Linux AV1 Hardware Video Decoding Support Ready For Intel Tiger Lake
The Intel Tiger Lake processors coming in September 2020 will be the first Intel processors with integrated graphics capable of decoding, but not encoding, AOMedia Video 1 (AV1) in hardware. Linux support for AV1 hardware decoding was merged into the libva VAAPI in March. Fei Wang submitted patches allowing ffmpeg to take advantage of that support yesterday. That makes it trivial to add AV1 hardware decoding support to end-user players like VLC and mpv.
written by 윤채경 (Yoon Chae-kyung). published 2020-08-22 - last edited 2020-08-22
vainfo showing the hardware video encoding and decoding capabilities on a machine with an older dual-core Intel i7 CPU with gen8 integrated graphics.
Intel-employed software developer Zefu Li submitted a patch adding hardware video decoding support for AV1 video to the
libva library on March 4th this year. The
libva library is what media libraries like ffmpeg use to provide hardware decoding for both AMD and Intel graphics chips. The ffmpeg library is, in turn, used by popular end-user media players like mpv.
Intel's Fei Wang submitted patches allowing ffmpeg to take advantage of libva's AV1 hardware video decoding support. That makes it trivial to add AV1 hardware video decoding to mpv and video player software.
"If you git grep the code base and look at results for "h264" or "hevc" (non-case sensitive) you will not find a lot of codec specific glue.
The biggest thing is the used-by-default hwdec_codecs list
My guess is that if you enable that codec name to be in the hwdec_codecs list (it's an option so you can override it via config/cli for testing), and you have hardware to test with it - I see no reason for it to not work"
The Intel "Tiger Lake" processors scheduled to be released early September will be the first Intel processors with integrated graphics capable of AV1 hardware decoding. The upcoming Tiger Lake laptops, featuring either LPDDR4 or LPDDR5 RAM, Thunderbolt, Soundwire and other goodies, will not be capable of AV1 hardware encoding. That is unfortunate because AV1 CPU-encoding is painfully slow. AV1 video encoding will not be a realistic alternative for home users until hardware encoding becomes an option.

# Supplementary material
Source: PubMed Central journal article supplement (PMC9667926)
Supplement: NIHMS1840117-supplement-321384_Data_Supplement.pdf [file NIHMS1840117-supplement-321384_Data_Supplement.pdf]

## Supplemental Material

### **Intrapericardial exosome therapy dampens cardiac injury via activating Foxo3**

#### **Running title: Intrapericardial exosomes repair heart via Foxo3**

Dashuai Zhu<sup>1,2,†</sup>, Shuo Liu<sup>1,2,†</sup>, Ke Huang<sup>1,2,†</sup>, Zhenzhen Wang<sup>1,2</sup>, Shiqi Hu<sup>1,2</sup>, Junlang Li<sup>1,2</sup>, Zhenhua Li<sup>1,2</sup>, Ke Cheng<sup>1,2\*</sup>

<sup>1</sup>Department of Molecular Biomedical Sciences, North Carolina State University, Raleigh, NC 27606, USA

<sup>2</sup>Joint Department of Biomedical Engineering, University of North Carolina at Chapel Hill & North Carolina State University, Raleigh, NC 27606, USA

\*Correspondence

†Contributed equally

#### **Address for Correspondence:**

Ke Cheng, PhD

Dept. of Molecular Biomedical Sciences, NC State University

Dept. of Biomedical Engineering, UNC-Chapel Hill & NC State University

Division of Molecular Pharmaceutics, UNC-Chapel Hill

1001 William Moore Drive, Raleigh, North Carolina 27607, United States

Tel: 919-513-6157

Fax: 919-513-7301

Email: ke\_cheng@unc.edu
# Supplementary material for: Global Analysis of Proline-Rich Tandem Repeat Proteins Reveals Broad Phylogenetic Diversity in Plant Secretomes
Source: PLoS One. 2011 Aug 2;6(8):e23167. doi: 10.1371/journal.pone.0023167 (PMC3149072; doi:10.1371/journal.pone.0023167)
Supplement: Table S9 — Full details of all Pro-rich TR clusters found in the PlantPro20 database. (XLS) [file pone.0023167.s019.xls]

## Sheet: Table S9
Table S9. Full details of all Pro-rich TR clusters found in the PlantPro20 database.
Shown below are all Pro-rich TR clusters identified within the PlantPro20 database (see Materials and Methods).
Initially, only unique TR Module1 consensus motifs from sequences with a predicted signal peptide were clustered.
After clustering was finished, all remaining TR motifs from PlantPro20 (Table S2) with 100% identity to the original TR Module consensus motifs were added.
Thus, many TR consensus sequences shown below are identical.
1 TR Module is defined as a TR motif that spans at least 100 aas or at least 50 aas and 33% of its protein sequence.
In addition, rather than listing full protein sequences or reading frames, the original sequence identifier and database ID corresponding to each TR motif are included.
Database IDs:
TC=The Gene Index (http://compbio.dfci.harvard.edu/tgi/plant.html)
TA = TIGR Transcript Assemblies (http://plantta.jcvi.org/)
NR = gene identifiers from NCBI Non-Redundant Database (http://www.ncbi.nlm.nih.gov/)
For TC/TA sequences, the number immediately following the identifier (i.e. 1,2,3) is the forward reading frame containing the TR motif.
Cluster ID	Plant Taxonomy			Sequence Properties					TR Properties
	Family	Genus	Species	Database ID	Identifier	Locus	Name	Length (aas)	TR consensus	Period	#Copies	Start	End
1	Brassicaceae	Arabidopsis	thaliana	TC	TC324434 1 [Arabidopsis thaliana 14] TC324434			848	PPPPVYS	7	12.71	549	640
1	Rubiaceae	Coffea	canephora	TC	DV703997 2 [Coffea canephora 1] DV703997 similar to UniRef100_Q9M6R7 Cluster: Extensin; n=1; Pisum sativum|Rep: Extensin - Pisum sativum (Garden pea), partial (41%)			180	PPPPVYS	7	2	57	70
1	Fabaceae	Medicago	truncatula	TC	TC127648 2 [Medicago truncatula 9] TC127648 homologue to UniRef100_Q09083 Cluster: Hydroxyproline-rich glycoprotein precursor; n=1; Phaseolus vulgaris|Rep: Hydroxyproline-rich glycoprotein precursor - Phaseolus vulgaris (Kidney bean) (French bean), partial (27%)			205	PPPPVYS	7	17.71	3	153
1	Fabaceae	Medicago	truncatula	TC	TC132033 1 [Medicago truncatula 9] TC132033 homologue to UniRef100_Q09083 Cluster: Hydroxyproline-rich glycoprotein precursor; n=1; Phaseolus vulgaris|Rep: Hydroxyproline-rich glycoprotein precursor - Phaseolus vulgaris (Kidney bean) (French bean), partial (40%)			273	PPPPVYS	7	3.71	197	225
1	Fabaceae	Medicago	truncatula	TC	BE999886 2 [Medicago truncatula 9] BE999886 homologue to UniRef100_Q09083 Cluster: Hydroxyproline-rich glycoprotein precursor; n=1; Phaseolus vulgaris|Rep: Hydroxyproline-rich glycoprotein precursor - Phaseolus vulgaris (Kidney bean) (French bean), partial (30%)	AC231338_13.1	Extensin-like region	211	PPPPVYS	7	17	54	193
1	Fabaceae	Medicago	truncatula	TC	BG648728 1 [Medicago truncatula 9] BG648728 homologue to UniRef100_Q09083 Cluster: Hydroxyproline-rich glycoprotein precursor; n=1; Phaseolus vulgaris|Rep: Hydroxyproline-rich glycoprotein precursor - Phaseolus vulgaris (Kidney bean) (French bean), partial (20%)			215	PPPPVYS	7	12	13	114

AMD Isn't There
A close-up inspection of the current Linux kernels git version of
drivers/gpu/drm/amd/amdgpu/vcn_v3_0.c reveals that the upcoming AMD "Sienna Cichlid" and "Navy Flounder" graphics cards will not be capable of AV1 hardware video decoding.
drivers/gpu/drm/amd/amdgpu/vce_v4_0.c reveals that they won't even be able to do VP9 hardware encoding. They will, like the existing Raven, Navi and Reinor chips, be limited to VP9 hardware decoding. Integrated Intel graphics chips have supported VP9 hardware encoding since Ice Lake was launched back in September 2019.
Hardware Encoding Would Be The Key
It is nice that upcoming Intel processors will have AV1 video decoding in hardware and it is nice that Linux support for it is there when the new Tiger Lake processors arrive. However, the simple truth is that it will not matter all that much as long has software video encoding is unbearably slow and hardware encoding remains unavailable.
AV1 video encoding is so slow it's a non-starter for everyone but very large mega-corporations like Google and Netflix. There is a notable but acceptable between the time it takes to software encode VP8 and VP9 video. It does not matter that much if it takes two or two and a half hours to encode a video. It would be bad if it took twice as long to encode VP9 as it takes to encode VP8 but it would not rule VP9 out as a practically usable format. The difference between the time it takes to encode video in VP9 and AV1 is so huge it is laughable: Software encoding a two hour long video as AV1 using ffmpeg and libaom-av1 takes more than one week. Four vs six hours would be in the same ball-park. Four hours vs one week is like the difference between shaving and cutting your head off. Don't expect any broad AV1 adoption until software encoding becomes significantly faster or hardware encoding becomes commonplace.